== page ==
Monday, May 22, 2017 7:00 PM
Highland Inn Ballroom
644 North Highland Ave NE, Atlanta, GA 30306
ABOUT THE BOOK
“The one food book you must read this year."
A people’s history that reveals how Southerners shaped American culinary identity and how race relations impacted Southern food culture over six revolutionary decades
Like great provincial dishes around the world, potlikker is a salvage food. During the antebellum era, slave owners ate the greens from the pot and set aside the leftover potlikker broth for the enslaved, unaware that the broth, not the greens, was nutrient rich. After slavery, potlikker sustained the working poor, both black and white. In the South of today, potlikker has taken on new meanings as chefs have reclaimed it. Potlikker is a quintessential Southern dish, and The Potlikker Papers is a people’s history of the modern South, told through its food. Beginning with the pivotal role cooks and waiters played in the civil rights movement, noted authority John T. Edge narrates the South’s fitful journey from a hive of racism to a hotbed of American immigration. He shows why working-class Southern food has become a vital driver of contemporary American cuisine.
Food access was a battleground issue during the 1950s and 1960s. Ownership of culinary traditions has remained a central contention on the long march toward equality. The Potlikker Papers tracks pivotal moments in Southern history, from the back-to-the-land movement of the 1970s to the rise of fast and convenience foods modeled on rural staples. Edge narrates the gentrification that gained traction in the restaurants of the 1980s and the artisanal renaissance that began to reconnect farmers and cooks in the 1990s. He reports as a newer South came into focus in the 2000s and 2010s, enriched by the arrival of immigrants from Mexico to Vietnam and many points in between. Along the way, Edge profiles extraordinary figures in Southern food, including Fannie Lou Hamer, Colonel Sanders, Mahalia Jackson, Edna Lewis, Paul Prudhomme, Craig Claiborne, and Sean Brock.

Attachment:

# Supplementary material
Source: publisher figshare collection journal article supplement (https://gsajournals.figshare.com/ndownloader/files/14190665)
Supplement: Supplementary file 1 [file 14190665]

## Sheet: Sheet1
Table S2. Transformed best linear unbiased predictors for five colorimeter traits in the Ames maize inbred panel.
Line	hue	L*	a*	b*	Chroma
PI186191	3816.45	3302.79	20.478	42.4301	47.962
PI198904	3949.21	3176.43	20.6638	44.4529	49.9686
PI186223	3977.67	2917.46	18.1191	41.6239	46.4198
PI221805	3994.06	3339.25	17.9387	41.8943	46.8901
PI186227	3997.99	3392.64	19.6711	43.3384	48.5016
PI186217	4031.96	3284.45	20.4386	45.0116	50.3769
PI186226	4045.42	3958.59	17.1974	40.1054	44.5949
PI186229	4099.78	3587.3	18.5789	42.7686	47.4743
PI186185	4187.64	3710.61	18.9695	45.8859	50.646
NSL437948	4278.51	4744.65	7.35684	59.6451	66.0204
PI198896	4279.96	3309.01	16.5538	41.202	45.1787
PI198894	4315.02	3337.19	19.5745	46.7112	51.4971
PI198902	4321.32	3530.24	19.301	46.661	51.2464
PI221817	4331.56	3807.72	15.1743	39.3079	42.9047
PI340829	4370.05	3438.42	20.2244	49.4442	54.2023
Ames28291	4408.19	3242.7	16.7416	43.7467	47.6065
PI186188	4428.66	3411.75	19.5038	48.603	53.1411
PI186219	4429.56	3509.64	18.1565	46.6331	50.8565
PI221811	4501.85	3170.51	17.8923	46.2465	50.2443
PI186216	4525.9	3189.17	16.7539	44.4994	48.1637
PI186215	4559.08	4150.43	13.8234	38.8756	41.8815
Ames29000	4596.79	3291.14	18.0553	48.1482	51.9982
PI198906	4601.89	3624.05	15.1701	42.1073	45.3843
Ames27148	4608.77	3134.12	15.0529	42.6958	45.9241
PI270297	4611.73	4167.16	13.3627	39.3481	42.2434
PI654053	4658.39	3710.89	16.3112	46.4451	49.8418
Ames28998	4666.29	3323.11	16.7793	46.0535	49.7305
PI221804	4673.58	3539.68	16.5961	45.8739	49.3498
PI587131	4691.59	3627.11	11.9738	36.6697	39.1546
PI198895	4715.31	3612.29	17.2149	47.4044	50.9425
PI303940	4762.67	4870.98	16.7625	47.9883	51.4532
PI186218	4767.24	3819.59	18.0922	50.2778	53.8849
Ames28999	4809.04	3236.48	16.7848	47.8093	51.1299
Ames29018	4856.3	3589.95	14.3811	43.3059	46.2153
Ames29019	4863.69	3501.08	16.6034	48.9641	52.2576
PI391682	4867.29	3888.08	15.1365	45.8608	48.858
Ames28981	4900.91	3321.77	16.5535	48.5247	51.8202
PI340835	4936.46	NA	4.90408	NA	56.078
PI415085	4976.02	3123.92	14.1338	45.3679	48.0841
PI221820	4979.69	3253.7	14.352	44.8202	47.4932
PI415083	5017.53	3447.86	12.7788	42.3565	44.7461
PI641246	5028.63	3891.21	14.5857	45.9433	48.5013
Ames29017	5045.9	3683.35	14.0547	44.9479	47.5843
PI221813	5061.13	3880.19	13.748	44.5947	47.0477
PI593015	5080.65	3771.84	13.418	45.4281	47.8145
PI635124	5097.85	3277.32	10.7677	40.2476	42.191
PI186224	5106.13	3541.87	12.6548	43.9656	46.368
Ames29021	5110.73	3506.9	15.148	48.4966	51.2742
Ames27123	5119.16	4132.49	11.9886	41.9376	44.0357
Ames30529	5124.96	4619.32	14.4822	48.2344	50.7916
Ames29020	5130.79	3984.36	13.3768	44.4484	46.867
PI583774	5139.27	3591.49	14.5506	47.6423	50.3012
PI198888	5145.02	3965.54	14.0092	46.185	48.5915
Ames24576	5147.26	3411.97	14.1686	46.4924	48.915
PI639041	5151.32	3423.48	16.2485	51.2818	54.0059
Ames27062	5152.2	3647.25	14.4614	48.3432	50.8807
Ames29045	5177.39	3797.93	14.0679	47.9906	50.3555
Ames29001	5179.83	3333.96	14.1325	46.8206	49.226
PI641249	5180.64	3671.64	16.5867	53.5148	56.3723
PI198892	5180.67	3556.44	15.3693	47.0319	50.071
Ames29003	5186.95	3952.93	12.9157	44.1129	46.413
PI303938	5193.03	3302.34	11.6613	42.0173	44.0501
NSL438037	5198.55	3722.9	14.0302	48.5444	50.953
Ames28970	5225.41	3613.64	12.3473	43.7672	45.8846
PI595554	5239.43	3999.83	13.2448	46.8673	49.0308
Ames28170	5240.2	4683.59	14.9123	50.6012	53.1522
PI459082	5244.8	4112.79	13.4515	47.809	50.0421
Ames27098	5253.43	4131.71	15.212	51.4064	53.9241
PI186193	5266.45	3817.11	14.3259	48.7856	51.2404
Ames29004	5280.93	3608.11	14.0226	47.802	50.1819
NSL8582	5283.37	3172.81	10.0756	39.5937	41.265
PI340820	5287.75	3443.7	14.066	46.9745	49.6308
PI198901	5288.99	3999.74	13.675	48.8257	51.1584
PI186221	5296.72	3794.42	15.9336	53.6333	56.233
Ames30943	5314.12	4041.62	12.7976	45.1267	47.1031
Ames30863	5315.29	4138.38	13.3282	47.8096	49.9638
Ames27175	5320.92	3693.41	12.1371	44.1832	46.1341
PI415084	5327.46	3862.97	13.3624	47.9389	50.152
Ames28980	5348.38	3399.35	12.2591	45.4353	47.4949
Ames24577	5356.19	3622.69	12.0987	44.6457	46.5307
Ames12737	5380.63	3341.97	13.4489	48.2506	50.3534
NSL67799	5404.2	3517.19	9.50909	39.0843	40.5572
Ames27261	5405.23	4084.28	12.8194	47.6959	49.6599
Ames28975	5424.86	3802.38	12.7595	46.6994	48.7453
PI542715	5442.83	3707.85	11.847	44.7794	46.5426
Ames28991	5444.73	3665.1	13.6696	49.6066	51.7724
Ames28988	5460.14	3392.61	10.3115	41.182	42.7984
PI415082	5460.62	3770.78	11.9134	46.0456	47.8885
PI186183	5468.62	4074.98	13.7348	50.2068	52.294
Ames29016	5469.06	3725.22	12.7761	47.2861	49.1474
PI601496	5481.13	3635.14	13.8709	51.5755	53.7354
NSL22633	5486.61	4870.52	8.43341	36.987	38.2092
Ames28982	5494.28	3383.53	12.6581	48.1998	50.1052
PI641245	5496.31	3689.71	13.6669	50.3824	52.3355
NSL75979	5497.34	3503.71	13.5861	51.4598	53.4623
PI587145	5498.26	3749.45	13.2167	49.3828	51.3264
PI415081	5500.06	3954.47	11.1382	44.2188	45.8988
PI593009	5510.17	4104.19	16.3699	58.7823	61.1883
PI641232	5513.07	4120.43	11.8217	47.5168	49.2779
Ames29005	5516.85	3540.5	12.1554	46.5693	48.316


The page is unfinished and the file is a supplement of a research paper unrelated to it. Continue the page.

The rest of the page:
Over the last three generations, wrenching changes have transformed the South. The Potlikker Papers tells the story of that dynamism—and reveals how Southern food has become a shared culinary language for the nation.
The Potlikker Papers: John T. Edge Book Talk, Signing, Food Tasting and Benefit for Global Growers
Edge’s book means to be about food but quickly veers into a close examination of the Deep South, before revealing itself as the smartest history of race in America in a generation. —Jack Hitt
John T. Edge, award-winning food writer and director of the Southern Foodways Alliance, discusses his sweeping new book, The Potlikker Papers: A Food History of the Modern South with journalist, author, critic and professor Valerie Boyd. The conversation is part of a special evening recognizing the ever-evolving food and culture of the region and benefiting an organization at the forefront of that evolution.
Capacity at the historic in-town venue is limited. Tickets for the evening are $45 and include a signed, first edition copy of Edge's new book and tastings from a number of local eateries, with a portion of the proceeds going to Global Growers, a non-profit working to increase the number of food producers who create access to healthy, sustainably-grown food and also to prepare farmers to be competitive in their local marketplace.
Online ticket sales have ended, tickets remain available at the door.